Salt Lake City

Mayor's Office

Erin Mendenhall | (801) 535-7704

Salt Lake City pedestrian bridge named in honor of westside advocates Archie and Lois Archuleta

June 17, 2022

The “Archie and Lois Archuleta Bridge” was dedicated Friday at a celebration attended by the Archuletas’ family members, community leaders, and City officials. 

The previously-unnamed pedestrian bridge was built in 2017 and runs from 200 South to North Temple along the Jordan River. 

“Archie and Lois Archuleta have been giants in our City for decades and it’s an honor to recognize their meaningful contributions in this way,” said Salt Lake City Mayor Erin Mendenhall. “From advocating for Latino-Chicano residents, to being leaders in education, to their work championing equity and justice, the Archuletas embody the kind of community-building that makes Salt Lake City so wonderful.”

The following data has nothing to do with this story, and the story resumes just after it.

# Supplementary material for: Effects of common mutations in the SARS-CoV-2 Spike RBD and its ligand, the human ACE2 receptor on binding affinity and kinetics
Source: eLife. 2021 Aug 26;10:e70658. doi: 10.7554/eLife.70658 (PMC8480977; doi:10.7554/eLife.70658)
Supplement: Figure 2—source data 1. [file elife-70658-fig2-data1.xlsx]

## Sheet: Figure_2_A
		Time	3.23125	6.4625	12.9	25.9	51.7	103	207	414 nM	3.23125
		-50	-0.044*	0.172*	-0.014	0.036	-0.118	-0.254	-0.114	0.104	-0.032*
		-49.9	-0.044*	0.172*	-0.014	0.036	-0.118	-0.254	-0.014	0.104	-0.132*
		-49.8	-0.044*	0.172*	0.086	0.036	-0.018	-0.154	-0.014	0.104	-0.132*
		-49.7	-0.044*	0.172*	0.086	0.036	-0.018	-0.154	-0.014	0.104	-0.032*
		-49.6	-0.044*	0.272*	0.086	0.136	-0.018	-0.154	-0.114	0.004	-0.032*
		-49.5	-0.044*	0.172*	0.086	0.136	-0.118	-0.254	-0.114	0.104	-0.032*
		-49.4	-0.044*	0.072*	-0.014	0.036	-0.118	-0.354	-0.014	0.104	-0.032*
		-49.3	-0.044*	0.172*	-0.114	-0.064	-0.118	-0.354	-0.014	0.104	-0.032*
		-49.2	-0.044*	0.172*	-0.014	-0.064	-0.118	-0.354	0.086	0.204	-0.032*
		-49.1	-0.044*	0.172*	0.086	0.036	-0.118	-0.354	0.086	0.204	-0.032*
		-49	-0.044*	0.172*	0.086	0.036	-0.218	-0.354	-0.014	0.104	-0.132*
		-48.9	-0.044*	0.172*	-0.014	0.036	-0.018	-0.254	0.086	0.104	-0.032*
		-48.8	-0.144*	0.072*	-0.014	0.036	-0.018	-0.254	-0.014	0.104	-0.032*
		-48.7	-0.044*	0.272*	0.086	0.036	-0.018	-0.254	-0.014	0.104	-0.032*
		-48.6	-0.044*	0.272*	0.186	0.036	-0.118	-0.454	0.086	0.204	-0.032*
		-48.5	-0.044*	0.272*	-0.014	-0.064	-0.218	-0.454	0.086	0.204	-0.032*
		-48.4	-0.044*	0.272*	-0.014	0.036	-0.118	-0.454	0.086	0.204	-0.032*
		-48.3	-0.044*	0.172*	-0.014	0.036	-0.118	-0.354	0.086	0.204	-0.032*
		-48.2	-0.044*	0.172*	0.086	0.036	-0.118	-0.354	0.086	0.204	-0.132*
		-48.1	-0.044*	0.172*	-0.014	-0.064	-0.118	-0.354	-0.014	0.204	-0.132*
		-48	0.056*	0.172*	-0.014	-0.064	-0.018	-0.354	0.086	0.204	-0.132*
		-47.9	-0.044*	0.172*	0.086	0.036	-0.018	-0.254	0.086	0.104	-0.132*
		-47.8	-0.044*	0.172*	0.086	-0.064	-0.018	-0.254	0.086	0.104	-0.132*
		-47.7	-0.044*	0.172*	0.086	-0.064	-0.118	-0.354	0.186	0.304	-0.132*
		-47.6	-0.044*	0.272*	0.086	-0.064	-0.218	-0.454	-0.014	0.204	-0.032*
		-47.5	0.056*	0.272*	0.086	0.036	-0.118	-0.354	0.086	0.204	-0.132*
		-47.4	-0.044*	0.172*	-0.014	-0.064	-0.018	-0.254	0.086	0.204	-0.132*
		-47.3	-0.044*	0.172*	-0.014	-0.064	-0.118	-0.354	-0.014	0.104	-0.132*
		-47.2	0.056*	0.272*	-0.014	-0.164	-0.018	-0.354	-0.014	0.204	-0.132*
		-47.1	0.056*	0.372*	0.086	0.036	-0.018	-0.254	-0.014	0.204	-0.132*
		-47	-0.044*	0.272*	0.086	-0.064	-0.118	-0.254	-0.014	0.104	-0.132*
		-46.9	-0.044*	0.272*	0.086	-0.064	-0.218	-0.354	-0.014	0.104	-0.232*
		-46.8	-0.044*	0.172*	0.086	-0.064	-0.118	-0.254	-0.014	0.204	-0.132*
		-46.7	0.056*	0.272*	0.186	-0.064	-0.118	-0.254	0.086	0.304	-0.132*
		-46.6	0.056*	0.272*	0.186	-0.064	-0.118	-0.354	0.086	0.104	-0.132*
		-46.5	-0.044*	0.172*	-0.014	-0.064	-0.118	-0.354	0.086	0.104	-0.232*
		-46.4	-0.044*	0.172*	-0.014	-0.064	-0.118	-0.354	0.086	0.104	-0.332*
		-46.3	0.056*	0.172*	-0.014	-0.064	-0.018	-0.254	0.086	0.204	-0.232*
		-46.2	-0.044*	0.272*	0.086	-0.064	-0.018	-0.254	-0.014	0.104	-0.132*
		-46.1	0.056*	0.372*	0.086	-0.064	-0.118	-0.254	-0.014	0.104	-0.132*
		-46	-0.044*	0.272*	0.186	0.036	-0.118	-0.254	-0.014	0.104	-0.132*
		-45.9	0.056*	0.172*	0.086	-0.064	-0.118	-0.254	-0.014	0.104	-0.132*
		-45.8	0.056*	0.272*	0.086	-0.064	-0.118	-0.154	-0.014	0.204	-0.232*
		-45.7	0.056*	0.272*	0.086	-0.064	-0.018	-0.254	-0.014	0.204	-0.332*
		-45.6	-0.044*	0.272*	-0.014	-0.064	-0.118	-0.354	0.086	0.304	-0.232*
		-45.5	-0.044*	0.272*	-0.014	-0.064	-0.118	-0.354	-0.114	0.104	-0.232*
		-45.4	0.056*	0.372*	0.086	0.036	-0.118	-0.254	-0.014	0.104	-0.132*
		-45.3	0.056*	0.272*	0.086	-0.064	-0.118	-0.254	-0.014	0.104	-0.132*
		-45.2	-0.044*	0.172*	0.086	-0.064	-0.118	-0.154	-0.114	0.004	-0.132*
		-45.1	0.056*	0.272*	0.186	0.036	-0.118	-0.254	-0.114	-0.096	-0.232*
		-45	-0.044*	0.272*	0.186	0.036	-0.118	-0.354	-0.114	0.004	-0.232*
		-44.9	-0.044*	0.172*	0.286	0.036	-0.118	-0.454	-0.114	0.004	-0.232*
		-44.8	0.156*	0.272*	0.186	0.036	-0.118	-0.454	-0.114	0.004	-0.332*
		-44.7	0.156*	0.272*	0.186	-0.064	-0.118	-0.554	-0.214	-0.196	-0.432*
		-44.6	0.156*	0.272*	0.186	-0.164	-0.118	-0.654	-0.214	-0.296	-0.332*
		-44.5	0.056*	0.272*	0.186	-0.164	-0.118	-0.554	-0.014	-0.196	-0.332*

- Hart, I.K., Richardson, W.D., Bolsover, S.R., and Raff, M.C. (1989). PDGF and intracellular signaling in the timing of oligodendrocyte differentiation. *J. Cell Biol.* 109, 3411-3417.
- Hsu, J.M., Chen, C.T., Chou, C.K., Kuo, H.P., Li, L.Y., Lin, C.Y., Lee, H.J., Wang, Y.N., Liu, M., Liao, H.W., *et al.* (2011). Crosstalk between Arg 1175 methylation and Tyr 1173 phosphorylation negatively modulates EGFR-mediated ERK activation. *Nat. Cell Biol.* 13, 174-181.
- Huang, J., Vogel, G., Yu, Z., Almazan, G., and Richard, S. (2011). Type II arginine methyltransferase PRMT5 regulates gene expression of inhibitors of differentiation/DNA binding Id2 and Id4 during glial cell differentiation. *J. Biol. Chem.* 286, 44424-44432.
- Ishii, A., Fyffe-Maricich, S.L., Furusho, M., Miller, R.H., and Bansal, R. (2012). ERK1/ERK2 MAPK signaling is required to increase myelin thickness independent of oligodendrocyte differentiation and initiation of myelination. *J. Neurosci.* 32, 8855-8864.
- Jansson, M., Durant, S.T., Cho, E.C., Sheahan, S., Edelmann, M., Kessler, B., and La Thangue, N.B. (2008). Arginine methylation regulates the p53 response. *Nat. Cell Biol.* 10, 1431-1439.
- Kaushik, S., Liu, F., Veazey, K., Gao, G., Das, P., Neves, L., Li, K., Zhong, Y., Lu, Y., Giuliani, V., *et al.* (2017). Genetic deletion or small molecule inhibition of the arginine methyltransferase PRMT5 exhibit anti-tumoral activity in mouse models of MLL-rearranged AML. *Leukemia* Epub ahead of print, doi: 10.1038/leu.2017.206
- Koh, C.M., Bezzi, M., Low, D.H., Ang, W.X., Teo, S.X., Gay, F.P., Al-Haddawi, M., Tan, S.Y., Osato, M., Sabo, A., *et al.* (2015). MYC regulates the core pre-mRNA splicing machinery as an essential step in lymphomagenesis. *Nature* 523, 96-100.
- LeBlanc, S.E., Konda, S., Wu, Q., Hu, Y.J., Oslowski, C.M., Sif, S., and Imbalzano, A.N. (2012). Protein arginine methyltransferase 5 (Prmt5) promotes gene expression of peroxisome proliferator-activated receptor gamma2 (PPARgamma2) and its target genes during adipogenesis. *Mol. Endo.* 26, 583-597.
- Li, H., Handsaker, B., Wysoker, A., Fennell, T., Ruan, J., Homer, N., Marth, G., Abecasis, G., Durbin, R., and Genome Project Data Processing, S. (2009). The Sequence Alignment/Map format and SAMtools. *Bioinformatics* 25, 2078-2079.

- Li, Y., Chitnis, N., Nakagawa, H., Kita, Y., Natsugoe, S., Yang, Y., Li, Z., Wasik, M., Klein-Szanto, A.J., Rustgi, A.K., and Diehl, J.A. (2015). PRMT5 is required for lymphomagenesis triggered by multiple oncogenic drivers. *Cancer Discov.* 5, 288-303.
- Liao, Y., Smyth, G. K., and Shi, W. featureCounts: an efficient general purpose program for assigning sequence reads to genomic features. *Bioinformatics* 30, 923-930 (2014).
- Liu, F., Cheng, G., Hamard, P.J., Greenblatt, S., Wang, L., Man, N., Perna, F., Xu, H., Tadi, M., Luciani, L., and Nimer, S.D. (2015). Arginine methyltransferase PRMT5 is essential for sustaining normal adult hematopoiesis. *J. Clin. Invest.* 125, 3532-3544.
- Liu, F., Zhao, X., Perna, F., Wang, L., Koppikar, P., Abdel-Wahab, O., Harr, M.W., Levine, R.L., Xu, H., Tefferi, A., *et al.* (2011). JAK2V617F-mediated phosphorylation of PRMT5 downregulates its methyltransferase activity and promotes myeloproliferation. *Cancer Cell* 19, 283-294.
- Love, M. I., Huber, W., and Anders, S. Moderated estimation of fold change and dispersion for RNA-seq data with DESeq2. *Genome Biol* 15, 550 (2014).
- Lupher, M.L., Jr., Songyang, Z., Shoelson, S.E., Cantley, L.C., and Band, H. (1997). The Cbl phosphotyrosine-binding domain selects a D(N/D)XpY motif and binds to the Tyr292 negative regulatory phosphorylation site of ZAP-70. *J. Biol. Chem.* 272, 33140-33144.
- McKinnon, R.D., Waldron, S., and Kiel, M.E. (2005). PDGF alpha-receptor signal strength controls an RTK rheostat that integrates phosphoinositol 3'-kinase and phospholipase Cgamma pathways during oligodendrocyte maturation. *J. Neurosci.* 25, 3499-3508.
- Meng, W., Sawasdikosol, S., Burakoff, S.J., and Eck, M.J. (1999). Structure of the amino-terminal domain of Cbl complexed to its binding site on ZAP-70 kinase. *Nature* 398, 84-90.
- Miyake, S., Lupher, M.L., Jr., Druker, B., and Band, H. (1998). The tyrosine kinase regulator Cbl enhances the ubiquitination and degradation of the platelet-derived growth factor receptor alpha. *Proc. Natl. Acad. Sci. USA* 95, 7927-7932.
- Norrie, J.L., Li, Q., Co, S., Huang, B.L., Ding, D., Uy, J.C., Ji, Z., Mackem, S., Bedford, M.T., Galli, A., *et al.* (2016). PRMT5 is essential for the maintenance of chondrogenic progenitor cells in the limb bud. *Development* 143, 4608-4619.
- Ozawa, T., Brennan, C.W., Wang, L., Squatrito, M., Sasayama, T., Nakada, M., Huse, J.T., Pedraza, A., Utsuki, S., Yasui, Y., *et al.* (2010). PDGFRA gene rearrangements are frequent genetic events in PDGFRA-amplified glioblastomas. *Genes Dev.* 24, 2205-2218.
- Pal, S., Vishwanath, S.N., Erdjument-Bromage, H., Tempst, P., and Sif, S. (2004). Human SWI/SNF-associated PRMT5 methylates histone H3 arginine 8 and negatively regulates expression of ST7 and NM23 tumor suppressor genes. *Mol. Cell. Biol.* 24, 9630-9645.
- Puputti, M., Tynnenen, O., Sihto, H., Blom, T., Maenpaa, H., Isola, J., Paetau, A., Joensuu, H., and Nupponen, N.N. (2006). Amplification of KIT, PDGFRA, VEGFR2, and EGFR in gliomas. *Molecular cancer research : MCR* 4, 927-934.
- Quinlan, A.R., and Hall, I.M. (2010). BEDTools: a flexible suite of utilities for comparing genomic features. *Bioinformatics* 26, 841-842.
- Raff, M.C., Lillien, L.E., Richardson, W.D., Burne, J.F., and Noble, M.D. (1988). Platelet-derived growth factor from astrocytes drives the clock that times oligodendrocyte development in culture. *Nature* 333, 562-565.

The Archuletas were honored with a Key to the City in 2018 for their lifelong commitment to education, social justice, and community mentorship and for their advocacy work in support of individuals experiencing homelessness, the LGBTQ community, and women. Archie passed away in 2019. 

“Archie was a great asset to our community and I think the naming of the bridge is very special,” said his wife of more than 60 years, Lois Archuleta. “Archie was a very humble man and when he received awards, he always replied that it was everyone contributing to make it happen and not just one person. Thank you on behalf of my wonderful family.”

A sign with the bridge name will soon be affixed to a beam spanning the bridge and Interpretive signage about the Archuletas’ legacy will be installed in both English and Spanish. The City’s renaming proposal is working its way through the Council’s legislative process. The Council and Mayor mutually support the proposal, which is anticipated to be officially adopted this year.

The 1,200-feet-long pedestrian and ADA-accessible bridge spans three active freight rail lines. The completion of the bridge closed a significant gap on the Jordan River Trail and was made possible through City, County and State investments. The bridge received the Merit Award from national magazine Engineering News Record in 2018. 

See the full press conference here:

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